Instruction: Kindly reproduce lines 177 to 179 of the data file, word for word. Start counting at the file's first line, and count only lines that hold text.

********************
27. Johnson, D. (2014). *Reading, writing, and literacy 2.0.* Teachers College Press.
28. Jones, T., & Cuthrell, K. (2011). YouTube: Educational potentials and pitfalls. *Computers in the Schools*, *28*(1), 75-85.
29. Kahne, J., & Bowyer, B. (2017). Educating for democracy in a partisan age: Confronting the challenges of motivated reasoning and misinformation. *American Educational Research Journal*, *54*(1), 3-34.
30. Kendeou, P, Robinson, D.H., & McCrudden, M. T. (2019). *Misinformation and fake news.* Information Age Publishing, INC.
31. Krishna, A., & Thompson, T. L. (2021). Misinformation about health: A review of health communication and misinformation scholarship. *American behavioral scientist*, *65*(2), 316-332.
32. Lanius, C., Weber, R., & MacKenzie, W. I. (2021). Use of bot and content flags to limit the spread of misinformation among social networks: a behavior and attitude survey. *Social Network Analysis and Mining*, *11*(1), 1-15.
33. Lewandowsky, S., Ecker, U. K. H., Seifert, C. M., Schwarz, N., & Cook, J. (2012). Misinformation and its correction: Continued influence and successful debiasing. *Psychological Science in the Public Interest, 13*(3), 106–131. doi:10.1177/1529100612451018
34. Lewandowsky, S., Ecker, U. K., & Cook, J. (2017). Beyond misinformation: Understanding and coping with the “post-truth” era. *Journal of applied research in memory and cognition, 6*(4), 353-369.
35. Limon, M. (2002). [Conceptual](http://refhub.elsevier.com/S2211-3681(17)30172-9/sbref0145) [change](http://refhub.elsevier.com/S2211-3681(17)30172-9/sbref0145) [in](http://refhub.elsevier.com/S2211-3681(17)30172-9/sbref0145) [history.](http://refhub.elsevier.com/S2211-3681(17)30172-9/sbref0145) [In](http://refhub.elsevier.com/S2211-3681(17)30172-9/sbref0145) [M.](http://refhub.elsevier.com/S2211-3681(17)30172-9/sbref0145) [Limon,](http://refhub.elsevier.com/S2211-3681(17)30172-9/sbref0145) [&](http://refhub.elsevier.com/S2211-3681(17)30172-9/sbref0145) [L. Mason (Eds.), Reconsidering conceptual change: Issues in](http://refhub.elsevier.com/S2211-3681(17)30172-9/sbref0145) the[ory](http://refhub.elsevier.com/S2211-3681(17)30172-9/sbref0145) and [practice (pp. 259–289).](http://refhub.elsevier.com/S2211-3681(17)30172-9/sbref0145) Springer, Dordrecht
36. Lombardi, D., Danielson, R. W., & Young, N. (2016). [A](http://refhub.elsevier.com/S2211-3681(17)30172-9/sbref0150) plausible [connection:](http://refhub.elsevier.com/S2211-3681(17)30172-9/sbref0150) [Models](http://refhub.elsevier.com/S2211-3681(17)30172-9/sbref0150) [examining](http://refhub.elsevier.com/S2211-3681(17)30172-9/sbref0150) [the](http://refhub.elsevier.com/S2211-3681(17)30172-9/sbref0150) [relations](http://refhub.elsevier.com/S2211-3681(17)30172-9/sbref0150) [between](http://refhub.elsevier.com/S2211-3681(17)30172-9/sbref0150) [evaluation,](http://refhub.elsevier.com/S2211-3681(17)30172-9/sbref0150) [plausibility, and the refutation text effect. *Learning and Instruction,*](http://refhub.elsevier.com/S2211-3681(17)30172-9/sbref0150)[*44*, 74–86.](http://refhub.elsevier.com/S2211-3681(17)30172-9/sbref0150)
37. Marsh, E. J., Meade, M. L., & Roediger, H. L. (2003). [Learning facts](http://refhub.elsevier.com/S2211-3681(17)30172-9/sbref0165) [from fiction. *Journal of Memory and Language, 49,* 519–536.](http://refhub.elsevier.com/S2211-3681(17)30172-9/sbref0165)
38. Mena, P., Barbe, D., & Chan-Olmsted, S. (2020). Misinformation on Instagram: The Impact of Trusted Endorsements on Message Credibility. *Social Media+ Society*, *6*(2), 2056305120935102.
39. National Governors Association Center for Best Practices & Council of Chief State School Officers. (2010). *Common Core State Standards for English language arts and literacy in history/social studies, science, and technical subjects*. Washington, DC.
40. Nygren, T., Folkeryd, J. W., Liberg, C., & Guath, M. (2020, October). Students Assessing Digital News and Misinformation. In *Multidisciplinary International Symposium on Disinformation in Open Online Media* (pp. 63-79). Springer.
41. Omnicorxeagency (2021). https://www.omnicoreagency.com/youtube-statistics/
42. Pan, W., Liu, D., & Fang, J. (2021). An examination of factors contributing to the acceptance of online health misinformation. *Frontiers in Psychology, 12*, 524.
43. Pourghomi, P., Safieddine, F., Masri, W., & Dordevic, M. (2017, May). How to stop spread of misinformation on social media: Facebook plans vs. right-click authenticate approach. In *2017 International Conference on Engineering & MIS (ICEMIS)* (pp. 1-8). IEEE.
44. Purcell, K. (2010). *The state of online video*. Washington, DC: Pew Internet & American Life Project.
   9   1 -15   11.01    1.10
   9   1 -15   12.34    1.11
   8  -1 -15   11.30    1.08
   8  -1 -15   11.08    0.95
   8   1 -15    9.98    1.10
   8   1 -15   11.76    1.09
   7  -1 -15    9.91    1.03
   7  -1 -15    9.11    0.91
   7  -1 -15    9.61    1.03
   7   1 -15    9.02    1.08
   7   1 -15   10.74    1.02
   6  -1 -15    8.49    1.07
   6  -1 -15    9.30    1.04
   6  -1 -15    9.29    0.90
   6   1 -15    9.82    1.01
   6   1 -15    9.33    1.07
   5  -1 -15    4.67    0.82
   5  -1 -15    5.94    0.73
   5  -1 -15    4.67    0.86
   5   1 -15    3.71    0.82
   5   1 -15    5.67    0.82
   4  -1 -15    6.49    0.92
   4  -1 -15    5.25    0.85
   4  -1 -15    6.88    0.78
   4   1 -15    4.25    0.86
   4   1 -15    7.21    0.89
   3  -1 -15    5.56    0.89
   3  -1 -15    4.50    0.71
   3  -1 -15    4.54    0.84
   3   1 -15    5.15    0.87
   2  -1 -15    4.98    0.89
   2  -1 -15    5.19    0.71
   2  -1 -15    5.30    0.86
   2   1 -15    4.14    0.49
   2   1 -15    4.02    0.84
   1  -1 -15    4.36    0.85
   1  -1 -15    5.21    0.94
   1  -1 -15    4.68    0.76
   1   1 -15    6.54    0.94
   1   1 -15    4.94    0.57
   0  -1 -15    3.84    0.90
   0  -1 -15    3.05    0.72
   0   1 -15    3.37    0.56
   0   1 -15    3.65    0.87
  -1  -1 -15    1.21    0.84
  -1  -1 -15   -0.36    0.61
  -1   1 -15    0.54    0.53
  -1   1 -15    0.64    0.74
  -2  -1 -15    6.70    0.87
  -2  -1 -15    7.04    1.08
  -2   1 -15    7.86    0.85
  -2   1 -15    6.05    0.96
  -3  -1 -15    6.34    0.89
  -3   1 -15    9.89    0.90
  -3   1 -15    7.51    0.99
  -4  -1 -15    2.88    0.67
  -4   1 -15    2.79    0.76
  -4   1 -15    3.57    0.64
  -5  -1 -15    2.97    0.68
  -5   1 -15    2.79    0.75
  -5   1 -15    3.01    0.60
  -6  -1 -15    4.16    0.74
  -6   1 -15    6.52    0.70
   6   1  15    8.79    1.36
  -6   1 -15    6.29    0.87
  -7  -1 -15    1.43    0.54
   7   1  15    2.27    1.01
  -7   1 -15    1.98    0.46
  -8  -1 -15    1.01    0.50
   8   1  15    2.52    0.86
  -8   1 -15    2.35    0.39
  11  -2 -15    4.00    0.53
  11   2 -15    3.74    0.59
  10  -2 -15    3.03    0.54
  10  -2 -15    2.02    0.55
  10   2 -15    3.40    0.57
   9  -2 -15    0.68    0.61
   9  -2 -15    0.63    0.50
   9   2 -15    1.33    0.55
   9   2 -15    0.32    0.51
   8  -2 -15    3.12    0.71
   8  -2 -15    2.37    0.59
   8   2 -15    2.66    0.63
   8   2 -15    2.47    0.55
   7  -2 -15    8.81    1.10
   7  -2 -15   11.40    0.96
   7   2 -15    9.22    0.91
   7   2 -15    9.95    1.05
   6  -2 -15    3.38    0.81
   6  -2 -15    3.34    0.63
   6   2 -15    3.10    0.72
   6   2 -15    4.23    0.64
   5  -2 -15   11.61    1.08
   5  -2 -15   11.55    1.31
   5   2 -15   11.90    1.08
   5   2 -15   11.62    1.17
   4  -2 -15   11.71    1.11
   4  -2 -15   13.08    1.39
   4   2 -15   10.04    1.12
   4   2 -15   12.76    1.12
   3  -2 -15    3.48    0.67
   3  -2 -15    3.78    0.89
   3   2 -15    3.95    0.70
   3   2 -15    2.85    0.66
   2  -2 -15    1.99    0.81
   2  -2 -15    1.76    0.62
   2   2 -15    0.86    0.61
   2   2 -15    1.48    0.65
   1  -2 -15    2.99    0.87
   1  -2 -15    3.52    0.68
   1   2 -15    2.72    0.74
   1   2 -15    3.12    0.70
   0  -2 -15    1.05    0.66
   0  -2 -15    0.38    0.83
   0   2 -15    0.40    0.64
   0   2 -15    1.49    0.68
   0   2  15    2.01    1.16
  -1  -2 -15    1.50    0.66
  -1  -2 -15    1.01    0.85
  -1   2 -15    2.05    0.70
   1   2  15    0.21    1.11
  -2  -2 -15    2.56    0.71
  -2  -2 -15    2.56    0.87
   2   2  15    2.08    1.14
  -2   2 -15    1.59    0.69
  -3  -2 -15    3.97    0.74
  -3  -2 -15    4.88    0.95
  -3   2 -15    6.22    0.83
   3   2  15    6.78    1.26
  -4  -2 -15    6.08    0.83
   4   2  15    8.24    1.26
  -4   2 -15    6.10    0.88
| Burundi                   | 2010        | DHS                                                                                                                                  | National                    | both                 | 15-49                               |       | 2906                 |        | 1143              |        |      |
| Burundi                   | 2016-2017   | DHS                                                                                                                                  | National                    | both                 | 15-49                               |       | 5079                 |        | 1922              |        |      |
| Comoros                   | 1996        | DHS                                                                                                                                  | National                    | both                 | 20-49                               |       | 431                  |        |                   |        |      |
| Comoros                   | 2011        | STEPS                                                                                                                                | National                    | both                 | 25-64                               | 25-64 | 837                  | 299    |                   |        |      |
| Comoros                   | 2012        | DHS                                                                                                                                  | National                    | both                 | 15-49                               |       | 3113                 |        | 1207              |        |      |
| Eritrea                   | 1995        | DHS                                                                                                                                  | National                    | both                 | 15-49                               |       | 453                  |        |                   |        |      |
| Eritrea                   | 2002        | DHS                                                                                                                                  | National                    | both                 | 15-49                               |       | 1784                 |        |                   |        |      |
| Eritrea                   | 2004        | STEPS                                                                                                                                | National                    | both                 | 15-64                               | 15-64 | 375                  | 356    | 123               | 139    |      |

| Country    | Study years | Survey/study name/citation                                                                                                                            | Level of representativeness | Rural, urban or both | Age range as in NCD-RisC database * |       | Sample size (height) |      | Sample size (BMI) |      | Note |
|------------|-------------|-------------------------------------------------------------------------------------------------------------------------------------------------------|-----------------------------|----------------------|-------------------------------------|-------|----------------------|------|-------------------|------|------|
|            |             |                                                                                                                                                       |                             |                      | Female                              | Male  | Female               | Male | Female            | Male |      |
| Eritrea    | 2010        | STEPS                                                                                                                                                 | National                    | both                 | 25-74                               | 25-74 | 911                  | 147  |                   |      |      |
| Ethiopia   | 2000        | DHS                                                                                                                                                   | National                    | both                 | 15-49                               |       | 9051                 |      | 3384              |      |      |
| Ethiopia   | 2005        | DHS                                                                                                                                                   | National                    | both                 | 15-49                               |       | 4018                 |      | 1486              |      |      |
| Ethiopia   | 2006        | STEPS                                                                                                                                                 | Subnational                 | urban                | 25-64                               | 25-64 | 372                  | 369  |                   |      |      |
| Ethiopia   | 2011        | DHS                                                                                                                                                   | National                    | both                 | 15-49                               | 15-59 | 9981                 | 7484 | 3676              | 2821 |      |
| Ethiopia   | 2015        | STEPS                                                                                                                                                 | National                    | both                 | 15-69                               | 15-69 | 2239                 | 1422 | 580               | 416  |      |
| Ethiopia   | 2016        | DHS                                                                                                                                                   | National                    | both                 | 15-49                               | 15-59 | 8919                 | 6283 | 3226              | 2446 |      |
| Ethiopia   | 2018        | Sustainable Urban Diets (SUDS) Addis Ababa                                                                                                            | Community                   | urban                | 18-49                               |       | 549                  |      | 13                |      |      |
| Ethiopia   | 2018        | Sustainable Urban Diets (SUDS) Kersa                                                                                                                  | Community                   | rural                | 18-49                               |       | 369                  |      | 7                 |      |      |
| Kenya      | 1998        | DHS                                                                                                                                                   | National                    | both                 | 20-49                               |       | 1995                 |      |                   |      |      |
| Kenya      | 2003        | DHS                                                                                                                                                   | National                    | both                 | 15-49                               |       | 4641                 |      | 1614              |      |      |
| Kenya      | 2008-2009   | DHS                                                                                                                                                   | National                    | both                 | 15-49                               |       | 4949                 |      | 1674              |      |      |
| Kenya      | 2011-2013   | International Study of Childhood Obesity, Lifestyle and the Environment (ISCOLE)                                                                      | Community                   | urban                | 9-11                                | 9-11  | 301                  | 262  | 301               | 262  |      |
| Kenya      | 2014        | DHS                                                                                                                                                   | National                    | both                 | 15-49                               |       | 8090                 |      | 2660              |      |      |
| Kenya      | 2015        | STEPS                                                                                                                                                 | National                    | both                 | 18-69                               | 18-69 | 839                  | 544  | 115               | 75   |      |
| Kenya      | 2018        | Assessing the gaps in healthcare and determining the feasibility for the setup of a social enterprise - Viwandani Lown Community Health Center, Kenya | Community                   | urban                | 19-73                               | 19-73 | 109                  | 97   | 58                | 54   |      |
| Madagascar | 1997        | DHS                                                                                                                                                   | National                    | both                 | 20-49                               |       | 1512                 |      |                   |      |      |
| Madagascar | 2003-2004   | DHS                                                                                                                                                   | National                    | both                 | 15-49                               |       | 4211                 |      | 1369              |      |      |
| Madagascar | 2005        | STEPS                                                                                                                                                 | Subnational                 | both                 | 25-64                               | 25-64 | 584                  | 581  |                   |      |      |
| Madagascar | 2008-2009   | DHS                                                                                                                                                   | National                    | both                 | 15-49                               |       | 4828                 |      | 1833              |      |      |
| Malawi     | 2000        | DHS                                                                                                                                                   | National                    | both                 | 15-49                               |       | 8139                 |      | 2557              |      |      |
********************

| Kenya      | 2018        | Assessing the gaps in healthcare and determining the feasibility for the setup of a social enterprise - Viwandani Lown Community Health Center, Kenya | Community                   | urban                | 19-73                               | 19-73 | 109                  | 97   | 58                | 54   |      |
| Madagascar | 1997        | DHS                                                                                                                                                   | National                    | both                 | 20-49                               |       | 1512                 |      |                   |      |      |
| Madagascar | 2003-2004   | DHS                                                                                                                                                   | National                    | both                 | 15-49                               |       | 4211                 |      | 1369              |      |      |